The need to serve the wider community led activists to create the Berkeley Center for Independent Living (CIL), the first independent living service and advocacy program run by and for people with disabilities. Contrary to common belief, Roberts did not found the Berkeley CIL, nor was he the CIL's first executive director. At the time, he taught political science at an "alternative college," but returned to Berkeley to assume leadership of the fledgling organization. He guided the CIL's rapid growth during a decisive time for the emerging disability rights movement. The CIL provided a model for a new kind of community organization designed to address the needs and concerns of people with a wide range of disabilities.

In 1976, newly elected Governor Jerry Brown appointed Roberts Director of the California Department of Vocational Rehabilitation—the same agency that had once labelled him too severely disabled to work. He served in that post until 1983. When California politics again shifted to the right, he returned again to Berkeley, where he co-founded the World Institute on Disability with Judith E. Heumann and Joan Leon. The World Institute on Disability is internationally known, and considered a hotbed of disability politics activism.

Roberts died on March 14, 1995, at the age of 56 from cardiac arrest.[1]

Hundreds of centers for independent living around the world are based on his original model. These centers established a National Council on Independent Living that holds a meeting every spring in Washington, D.C. At the one held after his passing, on May 15, 1995, Roberts' empty wheelchair was towed by a volunteer as it symbolically led more than 500 advocates from around the country for the last time, on a memorial march from Upper Senate Park to a vigil in his honor in a Senate office building. Speakers at this vigil included Senator Tom Harkin of Iowa, Representative Steny Hoyer of Maryland, Judith Heumann, and Paul Hearne.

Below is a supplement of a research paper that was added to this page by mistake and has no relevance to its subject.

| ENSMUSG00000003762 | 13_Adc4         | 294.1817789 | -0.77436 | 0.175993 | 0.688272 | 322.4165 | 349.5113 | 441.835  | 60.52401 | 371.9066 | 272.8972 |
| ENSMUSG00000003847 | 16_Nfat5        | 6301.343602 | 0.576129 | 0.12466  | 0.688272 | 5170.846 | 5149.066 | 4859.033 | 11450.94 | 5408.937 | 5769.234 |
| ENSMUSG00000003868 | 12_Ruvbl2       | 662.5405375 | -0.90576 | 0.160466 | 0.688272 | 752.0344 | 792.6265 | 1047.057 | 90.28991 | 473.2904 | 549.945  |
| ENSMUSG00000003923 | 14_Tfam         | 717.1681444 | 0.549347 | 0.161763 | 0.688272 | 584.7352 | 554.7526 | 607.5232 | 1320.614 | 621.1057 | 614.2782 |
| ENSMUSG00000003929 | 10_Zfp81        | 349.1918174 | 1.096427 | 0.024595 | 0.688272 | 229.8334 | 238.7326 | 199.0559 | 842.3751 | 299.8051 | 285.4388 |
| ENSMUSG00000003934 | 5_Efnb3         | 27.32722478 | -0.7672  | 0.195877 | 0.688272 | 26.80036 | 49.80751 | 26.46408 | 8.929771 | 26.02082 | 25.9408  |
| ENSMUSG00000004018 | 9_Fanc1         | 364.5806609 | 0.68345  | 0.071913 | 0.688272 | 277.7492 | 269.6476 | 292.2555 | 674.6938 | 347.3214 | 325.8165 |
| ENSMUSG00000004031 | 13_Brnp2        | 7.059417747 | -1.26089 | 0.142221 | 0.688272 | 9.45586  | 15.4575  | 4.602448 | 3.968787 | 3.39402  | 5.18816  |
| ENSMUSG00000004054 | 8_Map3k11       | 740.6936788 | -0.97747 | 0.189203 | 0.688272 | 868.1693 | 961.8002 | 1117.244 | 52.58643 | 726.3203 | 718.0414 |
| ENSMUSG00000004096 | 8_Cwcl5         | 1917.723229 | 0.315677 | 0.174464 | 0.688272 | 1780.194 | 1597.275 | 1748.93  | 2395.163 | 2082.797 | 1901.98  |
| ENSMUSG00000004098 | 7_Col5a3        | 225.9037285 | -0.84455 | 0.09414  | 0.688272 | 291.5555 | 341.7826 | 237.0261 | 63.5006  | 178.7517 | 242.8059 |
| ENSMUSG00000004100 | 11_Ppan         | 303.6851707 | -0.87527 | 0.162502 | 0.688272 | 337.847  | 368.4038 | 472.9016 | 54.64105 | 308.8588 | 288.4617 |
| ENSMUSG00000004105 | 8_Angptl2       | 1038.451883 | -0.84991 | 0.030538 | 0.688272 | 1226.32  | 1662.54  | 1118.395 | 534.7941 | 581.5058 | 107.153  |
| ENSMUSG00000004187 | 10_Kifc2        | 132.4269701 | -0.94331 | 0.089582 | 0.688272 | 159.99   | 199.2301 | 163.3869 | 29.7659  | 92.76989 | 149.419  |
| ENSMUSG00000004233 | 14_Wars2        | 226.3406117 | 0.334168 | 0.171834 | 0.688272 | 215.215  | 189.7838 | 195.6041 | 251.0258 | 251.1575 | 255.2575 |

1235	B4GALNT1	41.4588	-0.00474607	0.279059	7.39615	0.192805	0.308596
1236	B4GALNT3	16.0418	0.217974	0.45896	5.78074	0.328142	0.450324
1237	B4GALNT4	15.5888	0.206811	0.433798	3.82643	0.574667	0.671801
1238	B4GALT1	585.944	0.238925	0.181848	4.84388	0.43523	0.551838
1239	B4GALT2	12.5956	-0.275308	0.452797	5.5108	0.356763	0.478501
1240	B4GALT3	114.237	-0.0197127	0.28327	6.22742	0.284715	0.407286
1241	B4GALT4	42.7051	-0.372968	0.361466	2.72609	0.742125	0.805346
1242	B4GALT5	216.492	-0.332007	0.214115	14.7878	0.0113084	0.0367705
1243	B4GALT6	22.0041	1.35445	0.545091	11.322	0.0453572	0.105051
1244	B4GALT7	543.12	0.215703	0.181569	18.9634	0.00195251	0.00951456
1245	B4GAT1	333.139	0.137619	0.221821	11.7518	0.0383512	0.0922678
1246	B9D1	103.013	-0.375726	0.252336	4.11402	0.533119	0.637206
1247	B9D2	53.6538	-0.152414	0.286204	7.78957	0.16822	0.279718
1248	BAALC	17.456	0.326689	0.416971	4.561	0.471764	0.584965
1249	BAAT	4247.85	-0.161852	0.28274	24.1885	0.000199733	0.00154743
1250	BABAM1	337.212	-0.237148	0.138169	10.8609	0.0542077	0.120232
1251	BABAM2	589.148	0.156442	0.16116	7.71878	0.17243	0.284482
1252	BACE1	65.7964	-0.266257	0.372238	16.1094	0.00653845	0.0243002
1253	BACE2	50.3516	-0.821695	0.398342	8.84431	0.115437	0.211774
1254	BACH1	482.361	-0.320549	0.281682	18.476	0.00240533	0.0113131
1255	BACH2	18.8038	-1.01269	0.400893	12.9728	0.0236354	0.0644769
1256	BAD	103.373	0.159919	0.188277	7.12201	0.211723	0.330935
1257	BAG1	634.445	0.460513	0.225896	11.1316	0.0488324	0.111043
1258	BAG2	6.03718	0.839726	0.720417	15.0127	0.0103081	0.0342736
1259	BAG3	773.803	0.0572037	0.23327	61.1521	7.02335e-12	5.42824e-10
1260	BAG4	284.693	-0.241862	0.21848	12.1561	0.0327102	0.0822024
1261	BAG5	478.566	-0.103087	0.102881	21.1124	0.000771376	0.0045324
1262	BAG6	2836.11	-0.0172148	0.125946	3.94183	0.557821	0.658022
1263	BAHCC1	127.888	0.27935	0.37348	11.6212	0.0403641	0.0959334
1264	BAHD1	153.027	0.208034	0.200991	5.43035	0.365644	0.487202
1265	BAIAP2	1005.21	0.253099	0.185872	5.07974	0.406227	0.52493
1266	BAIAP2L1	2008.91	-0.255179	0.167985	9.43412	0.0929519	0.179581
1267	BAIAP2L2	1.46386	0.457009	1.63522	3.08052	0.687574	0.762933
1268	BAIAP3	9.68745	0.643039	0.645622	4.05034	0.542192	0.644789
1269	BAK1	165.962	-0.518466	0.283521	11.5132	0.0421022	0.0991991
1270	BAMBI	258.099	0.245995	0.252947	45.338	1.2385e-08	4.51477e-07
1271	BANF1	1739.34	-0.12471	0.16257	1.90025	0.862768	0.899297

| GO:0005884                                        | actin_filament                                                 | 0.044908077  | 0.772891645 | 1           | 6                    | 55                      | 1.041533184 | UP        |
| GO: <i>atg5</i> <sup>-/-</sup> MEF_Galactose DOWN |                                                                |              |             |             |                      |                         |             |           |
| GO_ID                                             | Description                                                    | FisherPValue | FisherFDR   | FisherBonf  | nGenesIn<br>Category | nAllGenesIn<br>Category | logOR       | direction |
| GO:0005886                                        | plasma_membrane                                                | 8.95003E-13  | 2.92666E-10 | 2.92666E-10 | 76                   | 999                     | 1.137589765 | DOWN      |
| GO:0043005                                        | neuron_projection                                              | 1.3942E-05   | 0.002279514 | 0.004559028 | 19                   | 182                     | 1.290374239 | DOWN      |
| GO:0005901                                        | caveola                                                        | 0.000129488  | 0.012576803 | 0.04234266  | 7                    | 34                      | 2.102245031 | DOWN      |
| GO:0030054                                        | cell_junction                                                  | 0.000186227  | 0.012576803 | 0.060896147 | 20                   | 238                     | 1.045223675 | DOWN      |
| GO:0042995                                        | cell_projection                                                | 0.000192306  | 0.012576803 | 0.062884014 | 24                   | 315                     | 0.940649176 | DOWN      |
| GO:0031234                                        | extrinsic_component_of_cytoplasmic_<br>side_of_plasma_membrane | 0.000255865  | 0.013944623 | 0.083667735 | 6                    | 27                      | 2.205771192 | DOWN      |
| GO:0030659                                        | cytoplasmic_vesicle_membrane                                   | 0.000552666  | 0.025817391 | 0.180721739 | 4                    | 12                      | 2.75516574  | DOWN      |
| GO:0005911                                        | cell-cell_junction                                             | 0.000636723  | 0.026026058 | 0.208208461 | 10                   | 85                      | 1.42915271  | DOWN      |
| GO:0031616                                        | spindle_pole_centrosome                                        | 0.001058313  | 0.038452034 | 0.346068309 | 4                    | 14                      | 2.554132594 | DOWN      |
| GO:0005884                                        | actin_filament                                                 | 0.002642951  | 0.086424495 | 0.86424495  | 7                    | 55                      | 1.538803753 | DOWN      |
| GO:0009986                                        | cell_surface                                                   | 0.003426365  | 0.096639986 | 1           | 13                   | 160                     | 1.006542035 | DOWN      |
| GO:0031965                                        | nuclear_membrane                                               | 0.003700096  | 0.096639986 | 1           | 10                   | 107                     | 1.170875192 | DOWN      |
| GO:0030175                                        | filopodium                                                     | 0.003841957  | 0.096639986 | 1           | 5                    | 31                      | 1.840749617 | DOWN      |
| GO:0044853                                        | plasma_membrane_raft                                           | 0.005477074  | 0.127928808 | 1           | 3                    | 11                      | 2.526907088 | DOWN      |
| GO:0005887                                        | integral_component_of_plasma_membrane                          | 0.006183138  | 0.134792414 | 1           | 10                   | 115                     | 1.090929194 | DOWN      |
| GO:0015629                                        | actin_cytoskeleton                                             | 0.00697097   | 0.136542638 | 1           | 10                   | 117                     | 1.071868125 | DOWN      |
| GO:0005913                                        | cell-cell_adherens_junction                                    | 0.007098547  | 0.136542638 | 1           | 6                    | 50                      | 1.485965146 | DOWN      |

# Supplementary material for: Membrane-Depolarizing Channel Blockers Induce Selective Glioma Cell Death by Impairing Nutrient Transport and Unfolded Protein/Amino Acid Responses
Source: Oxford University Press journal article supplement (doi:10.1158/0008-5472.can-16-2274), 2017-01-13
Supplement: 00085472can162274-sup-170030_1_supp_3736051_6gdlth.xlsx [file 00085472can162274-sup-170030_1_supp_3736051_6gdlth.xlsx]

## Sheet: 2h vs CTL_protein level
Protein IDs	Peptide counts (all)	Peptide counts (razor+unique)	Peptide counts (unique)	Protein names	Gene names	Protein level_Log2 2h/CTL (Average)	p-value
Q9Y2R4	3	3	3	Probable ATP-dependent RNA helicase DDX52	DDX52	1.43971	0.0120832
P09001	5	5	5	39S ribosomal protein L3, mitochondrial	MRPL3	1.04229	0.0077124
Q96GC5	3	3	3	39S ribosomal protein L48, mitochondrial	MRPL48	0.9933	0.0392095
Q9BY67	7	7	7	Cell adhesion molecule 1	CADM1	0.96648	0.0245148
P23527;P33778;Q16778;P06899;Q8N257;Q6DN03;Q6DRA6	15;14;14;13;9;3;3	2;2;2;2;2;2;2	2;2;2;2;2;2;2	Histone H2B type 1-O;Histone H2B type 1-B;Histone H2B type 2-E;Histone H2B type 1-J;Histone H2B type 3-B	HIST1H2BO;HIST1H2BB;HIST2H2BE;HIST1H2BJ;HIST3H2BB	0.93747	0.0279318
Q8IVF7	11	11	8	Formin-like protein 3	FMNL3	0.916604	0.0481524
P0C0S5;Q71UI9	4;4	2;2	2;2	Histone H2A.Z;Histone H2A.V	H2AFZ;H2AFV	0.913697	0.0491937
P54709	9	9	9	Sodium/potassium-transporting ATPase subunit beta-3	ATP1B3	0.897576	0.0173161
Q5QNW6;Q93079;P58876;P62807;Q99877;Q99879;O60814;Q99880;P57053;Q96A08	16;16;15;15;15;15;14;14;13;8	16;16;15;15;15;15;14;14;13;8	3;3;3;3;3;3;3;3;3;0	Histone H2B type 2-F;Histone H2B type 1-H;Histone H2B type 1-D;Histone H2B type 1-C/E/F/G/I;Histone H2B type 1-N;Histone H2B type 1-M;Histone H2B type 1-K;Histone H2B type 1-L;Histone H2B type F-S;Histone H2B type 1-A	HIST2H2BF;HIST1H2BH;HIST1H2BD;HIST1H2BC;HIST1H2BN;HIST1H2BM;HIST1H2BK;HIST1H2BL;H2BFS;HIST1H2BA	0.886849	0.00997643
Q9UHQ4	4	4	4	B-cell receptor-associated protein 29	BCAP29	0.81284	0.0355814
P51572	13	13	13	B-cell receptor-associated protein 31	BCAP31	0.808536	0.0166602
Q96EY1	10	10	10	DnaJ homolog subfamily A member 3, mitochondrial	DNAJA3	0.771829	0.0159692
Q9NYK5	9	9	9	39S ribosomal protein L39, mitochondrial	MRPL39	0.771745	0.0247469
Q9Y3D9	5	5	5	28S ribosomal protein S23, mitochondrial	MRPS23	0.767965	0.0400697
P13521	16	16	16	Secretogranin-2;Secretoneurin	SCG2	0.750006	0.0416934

His papers are held at the Bancroft Library at UC Berkeley.[5] Roberts has been termed the father of the independent living movement in the U.S., though Lex Frieden of Texas was more well known in Washington politics. Roberts is highlighted in Joseph Shapiro's 1993 book, No Pity: People with Disabilities Forging a New Civil Rights Movement.

Marriage and children[edit]

Ed Roberts married Catherine Dugan in 1976 and in 1982 the couple divorced. They shared custody of their son Lee together.[6][7]

Awards and recognition[edit]

See also[edit]

References[edit]

  1. ^ a b Elliott, J. Michael (March 16, 1995). "Edward V. Roberts, 56, Champion of the Disabled". The New York Times. Retrieved January 23, 2017. 
  2. ^ John, Tara (January 24, 2017). "Ed Roberts: Google Doodle Honors Disability Activist". Time. Retrieved January 24, 2017. 
  3. ^ "Ed Roberts' Wheelchair Records a Story of Obstacles Overcome". The Smithsonian Magazine. March 13, 2015. Retrieved January 24, 2017. 
  4. ^ @cal, great minds online | @Cal great minds online. University of California, Berkeley. Retrieved on March 25, 2016.
  5. ^ "Guide to the Edward V. Roberts Papers, 1975-1998,". Online Archive of California. 
  6. ^ "Edward Verne Roberts | Post Polio: Polio Place". www.polioplace.org. Retrieved 2017-01-26. 
  7. ^ Elliott, J. Michael (1995-03-16). "Edward V. Roberts, 56, Champion of the Disabled". The New York Times. ISSN 0362-4331. Retrieved 2017-01-26. 
  8. ^ "Ed Robert's Wheelchair". Smithsonian Institution. 
  9. ^ "Home". Ed Roberts Campus. Retrieved March 25, 2016. 
  10. ^ "Ed Roberts Campus". The Center for Accessible Technology. Archived from the original on April 6, 2016. 
  11. ^ "Long-awaited Ed Roberts Campus opens in Berkeley". San Jose Mercury News. April 10, 2011. Archived from the original on April 11, 2016. 
  12. ^ "Ed Roberts". California Museum. Retrieved January 23, 2017. 
  13. ^ "Berkeley disability activists receive peace award in emotional ceremony". Contra Costa Times. Retrieved March 25, 2016. 
  14. ^ "Ed Roberts activist". YouTube. Retrieved January 23, 2017. 
  15. ^ "Ed Roberts’s 78th Birthday". Google Doodles Archive. Google. January 23, 2017. Retrieved January 23, 2017. Today’s Doodle pays tribute to an early leader of the disability rights movement, Ed Roberts. 

Sources[edit]

  • Shapiro, Joseph P. No Pity: People with Disabilities Forging a New Civil Rights Movement. Random House, 1993. ISBN 978-0-8129-1964-6

External links[edit]